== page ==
Time for Linux users to face reality and just give up and use Windows, as most other people have done.

    Oh, we didn't do that in 2000 and we have a strong, functioning, free as in freedom operating system now? I wonder how that could have happened.

  • by pmontra (738736) on Sunday January 24, 2010 @12:36PM (#30879102) Homepage

    ... pay to create and distribute video content or having to upload it on the few big sites that have enough money to pay the royalties to MPEG-LA.

    We might decide to use h.264 anyway because it's technically better but what I expect is that customers and content creators should be happier to see a totally free codec succeed over one that will cost them money.

    Youtube, Vimeo & Co are trying to use h.264 to become the new majors. I understand why those companies don't want a free codec to succeed: that would lead to more competition and less ways to profit from their position. I'm afraid that in this case their best interests are our worst interests.

    Think if it happened to images. You could only legally upload graphics to Flickr, Facebook and a few dozens of other big sites with the money to pay royalties. All vacation pictures and UI buttons would have to go there. Figuring out what the web would look like is left as an exercise to the reader.

  • Re:Sigh (Score:4, Interesting)

    by Goaway (82658) on Sunday January 24, 2010 @12:44PM (#30879210) Homepage

    There is someone: Google. They bought On2. It is still unclear why, and what they are going to do with On2's technology.

  • Re:Sigh (Score:4, Interesting)

    by tepples (727027) <> on Sunday January 24, 2010 @12:58PM (#30879356) Homepage Journal

    I by contrast can come up with three (at least) legitimate, reasonable, intelligent arguments against Ogg Theora: [...] It is patented

    What is the number of a U.S. patent covering Theora that hasn't been irrevocably licensed to the public for all uses by On2? The leaders of the Xiph.Org Foundation want to know.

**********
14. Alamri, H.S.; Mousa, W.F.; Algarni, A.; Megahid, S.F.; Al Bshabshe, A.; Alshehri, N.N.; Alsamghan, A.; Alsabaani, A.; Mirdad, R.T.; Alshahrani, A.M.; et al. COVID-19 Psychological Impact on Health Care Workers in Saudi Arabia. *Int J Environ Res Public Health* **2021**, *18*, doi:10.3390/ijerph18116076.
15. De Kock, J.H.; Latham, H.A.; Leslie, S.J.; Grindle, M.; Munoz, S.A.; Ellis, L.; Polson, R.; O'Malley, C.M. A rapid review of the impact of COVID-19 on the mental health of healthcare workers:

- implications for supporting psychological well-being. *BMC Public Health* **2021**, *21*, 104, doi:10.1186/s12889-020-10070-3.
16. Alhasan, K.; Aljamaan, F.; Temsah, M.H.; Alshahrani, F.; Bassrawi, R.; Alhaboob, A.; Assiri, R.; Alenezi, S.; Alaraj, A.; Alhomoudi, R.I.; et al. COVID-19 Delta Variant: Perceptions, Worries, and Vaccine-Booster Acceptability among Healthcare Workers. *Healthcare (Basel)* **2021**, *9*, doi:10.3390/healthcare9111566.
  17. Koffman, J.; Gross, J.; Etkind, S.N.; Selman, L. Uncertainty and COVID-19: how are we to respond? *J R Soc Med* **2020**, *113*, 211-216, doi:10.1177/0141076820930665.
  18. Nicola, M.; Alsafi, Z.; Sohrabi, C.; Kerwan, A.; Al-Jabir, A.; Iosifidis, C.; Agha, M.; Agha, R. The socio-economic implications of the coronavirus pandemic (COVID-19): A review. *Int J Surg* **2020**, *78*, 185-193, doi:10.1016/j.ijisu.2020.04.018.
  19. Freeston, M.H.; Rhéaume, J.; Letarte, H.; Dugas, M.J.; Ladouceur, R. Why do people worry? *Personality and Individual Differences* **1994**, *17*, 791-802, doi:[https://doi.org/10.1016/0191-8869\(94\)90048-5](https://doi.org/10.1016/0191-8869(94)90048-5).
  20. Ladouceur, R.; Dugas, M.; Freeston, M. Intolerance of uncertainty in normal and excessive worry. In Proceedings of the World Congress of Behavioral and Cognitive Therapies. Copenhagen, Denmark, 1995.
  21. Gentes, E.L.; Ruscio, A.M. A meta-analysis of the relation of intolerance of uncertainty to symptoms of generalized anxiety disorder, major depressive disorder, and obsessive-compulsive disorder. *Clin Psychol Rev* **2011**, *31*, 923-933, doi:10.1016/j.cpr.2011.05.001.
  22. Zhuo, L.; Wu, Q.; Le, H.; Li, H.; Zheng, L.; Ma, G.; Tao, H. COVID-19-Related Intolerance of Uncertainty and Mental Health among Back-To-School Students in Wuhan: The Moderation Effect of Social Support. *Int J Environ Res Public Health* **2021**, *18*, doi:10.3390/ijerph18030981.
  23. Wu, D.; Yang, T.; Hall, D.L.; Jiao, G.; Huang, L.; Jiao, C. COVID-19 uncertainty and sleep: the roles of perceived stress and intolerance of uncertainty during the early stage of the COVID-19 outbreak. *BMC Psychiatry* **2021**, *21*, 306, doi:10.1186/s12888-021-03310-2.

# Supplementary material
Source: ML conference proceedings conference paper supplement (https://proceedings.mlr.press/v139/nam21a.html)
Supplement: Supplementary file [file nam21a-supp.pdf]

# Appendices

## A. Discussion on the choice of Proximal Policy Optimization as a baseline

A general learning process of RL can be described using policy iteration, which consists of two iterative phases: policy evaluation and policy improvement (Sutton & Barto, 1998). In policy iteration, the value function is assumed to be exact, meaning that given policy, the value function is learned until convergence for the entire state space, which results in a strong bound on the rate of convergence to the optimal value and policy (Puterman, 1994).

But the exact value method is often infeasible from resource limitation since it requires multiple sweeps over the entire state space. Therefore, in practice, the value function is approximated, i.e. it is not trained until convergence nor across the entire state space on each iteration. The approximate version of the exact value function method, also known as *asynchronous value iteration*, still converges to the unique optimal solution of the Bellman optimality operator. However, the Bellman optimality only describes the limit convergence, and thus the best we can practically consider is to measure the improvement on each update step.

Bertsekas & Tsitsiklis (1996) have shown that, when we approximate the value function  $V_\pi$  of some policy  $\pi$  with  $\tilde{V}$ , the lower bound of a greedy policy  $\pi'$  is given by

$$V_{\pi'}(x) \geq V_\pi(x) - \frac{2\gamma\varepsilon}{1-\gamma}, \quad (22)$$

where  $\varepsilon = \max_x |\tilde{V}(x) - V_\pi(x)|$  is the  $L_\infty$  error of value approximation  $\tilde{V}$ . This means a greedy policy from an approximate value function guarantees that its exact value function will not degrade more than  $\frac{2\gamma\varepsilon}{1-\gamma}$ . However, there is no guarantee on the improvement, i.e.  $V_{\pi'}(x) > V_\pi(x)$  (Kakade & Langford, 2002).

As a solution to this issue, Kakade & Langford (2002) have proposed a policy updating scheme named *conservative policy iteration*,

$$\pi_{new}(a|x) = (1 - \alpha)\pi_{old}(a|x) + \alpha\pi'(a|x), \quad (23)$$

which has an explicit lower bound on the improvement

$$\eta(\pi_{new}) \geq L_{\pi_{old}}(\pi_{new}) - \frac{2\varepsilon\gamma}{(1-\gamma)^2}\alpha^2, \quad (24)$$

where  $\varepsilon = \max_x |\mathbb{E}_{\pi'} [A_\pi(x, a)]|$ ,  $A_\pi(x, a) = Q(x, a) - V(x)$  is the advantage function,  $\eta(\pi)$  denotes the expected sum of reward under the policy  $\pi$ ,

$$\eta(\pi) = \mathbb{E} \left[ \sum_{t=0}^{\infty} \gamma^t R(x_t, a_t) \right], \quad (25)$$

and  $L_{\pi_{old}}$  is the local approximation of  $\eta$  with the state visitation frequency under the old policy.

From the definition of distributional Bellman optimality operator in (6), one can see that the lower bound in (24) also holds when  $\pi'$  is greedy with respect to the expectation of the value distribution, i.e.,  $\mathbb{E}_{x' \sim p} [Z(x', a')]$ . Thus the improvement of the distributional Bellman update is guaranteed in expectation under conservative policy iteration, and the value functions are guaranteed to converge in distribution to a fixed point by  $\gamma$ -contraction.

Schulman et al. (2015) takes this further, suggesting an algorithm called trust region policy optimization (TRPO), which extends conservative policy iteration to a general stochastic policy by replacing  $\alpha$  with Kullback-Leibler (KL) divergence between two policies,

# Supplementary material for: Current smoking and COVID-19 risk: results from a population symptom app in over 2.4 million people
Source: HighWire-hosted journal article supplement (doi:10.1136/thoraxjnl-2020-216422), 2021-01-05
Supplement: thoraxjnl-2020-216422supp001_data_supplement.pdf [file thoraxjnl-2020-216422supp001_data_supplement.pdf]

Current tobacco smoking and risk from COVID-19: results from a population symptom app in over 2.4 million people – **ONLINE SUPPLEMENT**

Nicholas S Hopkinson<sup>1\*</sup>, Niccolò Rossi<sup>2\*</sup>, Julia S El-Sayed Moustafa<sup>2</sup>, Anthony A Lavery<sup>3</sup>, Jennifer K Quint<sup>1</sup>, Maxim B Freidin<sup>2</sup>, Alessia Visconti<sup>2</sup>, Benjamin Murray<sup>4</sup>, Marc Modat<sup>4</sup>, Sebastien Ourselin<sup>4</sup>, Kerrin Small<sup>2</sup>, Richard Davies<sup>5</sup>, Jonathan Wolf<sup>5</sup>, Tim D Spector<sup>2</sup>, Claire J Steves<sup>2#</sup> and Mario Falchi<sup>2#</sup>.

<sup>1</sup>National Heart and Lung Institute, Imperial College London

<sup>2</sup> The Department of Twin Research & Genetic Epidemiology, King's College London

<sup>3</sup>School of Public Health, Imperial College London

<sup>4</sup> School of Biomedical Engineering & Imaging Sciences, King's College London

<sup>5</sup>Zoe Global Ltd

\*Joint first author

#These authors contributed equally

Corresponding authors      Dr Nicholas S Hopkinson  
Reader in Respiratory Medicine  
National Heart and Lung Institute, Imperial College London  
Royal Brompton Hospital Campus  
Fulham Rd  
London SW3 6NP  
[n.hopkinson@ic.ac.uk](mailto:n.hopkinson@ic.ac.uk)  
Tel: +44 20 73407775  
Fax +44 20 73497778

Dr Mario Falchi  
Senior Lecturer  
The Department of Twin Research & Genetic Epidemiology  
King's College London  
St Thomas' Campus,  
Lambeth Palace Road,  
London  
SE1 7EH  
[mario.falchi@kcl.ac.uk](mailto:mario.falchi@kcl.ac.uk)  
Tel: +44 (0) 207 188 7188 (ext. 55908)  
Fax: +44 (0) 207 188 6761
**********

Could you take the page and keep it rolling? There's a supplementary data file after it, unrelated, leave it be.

• Re:Nonsense (Score:5, Interesting)

    by 0100010001010011 (652467) on Sunday January 24, 2010 @01:26PM (#30879574)

    Debian used to have the "Non-US" repositories. I can't see why they couldn't go back to it.

    As much as everyone hates it, Ogg isn't going to win this. As far as I know there isn't a single hardware decoder for it yet. Almost any newer Nvidia card will do it. VDPAU under Linux works AWESOME. It will even upscale SD content (feature set C). Broadcom has their MiniPCI card that a ton of NetBooks run. I bought one for my AppleTV so that I can do 1080p. XBMC supports it. OS X should support it soon.

  • Greed will fix it (Score:3, Interesting)

    by BlueParrot (965239) on Sunday January 24, 2010 @03:44PM (#30881248)

    It was greed and corruption that brought about this situation and it is greed and corruption that will fix it. In particular:

    Google wants Microsoft's desktop monopoly to break, and at the same time they compete directly with Apple's iTunes. As a consequence their only realistic shot at this is to help Linux flourish.

    Microsoft sees Google as a threat to their monopoly and hence they can't let Google kill Firefox as Firefox users would likely prefer chrome to IE, thereby strengthening google further.

    RIAA, MPAA etc... don't want google to grow to strong since they don't want google dictating terms to them, something they could do if they become the de-facto only site to serve video.

    MPEG-LA will try to squeeze every penny from the patent licenses while the party lasts, something google and vimeo very much dislikes.

    Essentially the usual short-sighted greed over quarterly profits amongst companies will cause them to push the situation until it breaks. It may take a few years but eventually the very greed that made a patent encumbered format the de-facto standard is the same greed that will kill it.

  • by Anonymous Coward on Sunday January 24, 2010 @04:12PM (#30881582)

    VFR is purely a container issue, not a codec issue.

    Ogg also supports VFR, with fairly modest overhead. It just does it somewhat differently than some other formats, more like how windows media does it: Rather than explicitly switching frame rates, you use a high stated frame rate (like 1000 fps) then skip the frames you don't need.

    Some of the 'features' Theora skips are responsible for Theora's much more reasonable CPU usage. Other ones (like interlaced coding) are locked up behind a wall of patents (but fortunately no one should give a shit about interlace support anymore). Part of the problem with comparing to H.264 is that its not just one format, there are a dozen different profiles and most devices (especially hardware decoders) can't play many of them, even most software players won't play deep video or 4:2:2/4:4:4. There is just one Theora, and it even has 4:2:2 and 4:4:4.

  • Re:Nonsense (Score:2, Interesting)

    by aristotle-dude (626586) on Sunday January 24, 2010 @05:05PM (#30882096)